Snowdrops are one of the earliest flowering garden plants, and are often treated as heralds of spring, despite some species flowering in the late autumn. The Swedish botanist Carolus Linnaeus derived the generic name Galanthus from the Greek meaning milk-white flower. Snowdrops are sometimes confused with the snowflakes (Leucojum). However, snowflakes are usually larger, flower later and have different flower structures to snowdrops.
The genus Galanthus comprises 20 species distributed from Europe through the Caucasus to Turkey and Iran. The genus has attracted the attention of British gardeners for hundreds of years, and today is the most widely traded group of wild-sourced bulbs in the world. 'Galanthophiles' have a particular enthusiasm for this genus, and there are many gardens, open to the public, across the United Kingdom which have large snowdrop collections.
Today, all members of the genus are protected under international trade legislation (CITES) but the species remain threatened in their native ranges by the horticulture trade and through habitat loss. Notoriously, one of the few populations of the latest Galanthus species to be described, Galanthus panjutinii, was destroyed when preparations were made for the 2014 Winter Olympics in Russia.
Galanthus nivalis is the most widespread species in the genus, extending from the woodlands of Spain in the west to those of the Ukraine and western Turkey in the east. Galanthus nivalis was introduced to the United Kingdom before 1600, and grown in the Oxford Botanic Garden as early as 1648. The species is now extensively naturalised across Europe including the United Kingdom. The epithet means 'of the snow', a reference to its flowering early in the year. The pendulous, white flowers have three outer segments and three, smaller inner segments. The inner segments have a notch, usually surrounded by green markings. Hybrids and hundreds of cultivars have been described which often differ in subtle characteristics including size, shape and the markings of the flower, together with flowering period.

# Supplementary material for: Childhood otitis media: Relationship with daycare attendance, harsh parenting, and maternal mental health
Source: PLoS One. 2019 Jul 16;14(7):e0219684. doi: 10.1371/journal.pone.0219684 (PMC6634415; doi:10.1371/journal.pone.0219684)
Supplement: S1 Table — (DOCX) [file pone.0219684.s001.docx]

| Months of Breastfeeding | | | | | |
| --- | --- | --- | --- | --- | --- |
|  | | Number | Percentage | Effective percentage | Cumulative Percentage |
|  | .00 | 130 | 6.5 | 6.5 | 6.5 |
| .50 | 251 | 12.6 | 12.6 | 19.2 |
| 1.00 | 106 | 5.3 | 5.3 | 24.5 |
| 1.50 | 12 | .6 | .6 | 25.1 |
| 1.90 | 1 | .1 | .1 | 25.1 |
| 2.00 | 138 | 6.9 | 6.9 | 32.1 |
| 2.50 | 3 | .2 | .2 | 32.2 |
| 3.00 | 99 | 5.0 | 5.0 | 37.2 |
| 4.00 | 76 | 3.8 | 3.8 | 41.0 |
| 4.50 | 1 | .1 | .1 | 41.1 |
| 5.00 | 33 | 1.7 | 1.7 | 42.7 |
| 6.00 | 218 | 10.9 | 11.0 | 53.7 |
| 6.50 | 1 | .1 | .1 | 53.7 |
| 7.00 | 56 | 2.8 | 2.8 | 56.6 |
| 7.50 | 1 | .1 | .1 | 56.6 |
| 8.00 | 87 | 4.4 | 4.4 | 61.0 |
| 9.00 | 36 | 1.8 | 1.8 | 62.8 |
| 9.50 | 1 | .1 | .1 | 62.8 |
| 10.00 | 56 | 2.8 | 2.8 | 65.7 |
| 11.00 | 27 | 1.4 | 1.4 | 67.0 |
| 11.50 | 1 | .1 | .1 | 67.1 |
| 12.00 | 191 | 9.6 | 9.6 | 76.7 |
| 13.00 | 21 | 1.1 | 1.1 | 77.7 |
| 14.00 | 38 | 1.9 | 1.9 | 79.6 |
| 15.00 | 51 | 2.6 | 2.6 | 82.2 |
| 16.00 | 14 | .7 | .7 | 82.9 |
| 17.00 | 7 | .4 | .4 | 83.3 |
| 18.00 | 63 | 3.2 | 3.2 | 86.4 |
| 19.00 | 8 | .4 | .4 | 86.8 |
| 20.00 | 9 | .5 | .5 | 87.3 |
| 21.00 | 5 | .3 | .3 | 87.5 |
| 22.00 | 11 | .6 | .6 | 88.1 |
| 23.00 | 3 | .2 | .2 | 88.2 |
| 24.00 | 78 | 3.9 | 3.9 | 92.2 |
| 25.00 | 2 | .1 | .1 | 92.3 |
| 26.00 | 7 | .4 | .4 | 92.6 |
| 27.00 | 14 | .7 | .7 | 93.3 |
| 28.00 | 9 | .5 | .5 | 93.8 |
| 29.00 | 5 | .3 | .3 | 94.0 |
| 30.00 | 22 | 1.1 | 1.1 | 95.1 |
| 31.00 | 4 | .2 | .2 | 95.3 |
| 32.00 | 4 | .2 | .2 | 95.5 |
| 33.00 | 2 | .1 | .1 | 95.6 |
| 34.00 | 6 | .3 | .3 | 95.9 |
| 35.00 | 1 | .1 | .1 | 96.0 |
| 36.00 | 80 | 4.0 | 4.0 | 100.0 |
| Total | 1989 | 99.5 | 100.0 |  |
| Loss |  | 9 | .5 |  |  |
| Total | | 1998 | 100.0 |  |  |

Two chemicals from the genus have attracted attention over the past few decades. The alkaloid galantamine, an acetylcholinesterase inhibitor extracted from the bulbs, has been reported as helpful in the treatment of Alzheimer's disease. A carbohydrate-binding protein, isolated from Galanthus nivalis, was incorporated into a genetically-modified potato in the mid-1990s, which was then fed to laboratory rats. Subsequent interpretation of these data produced great confusion in the debate over the safety of foods derived from genetically-modified organisms, especially in Europe.
Bishop M et al. 2002. Snowdrops: a monograph of cultivated Galanthus. Griffin Press.
Davies A 1999. The genus Galanthus. A botanical magazine monograph. Timber Press.
Roensted N et al. 2013. Snowdrops falling slowly into place: an improved phylogeny for Galanthus (Amaryllidaceae). Molecular Phylogenetics and Evolution 69: 205-217.
The 25th July 2021 marks 400 years of botanical research and teaching by the University of Oxford.
As a celebration and count-down to this anniversary, the University of Oxford Botanic Garden and Harcourt Arboretum, together with the Oxford University Herbaria and the Department of Plant Sciences, will highlight 400 plants of scientific and cultural significance. One plant will be profiled weekly, and illustrated with images from Oxford University's living and preserved collections.
Follow us on Twitter @Plants400
The data and images available on this site may only be used for scientific purposes. They may not be sold or used for commercial purposes. All images are copyright of the University of Oxford, unless otherwise indicated.
The specimens at the Oxford herbaria and the living collections of the Oxford Botanic Garden and Oxford University Herbaria are being digitized using BRAHMS.
Dr Stephen Harris (email@example.com)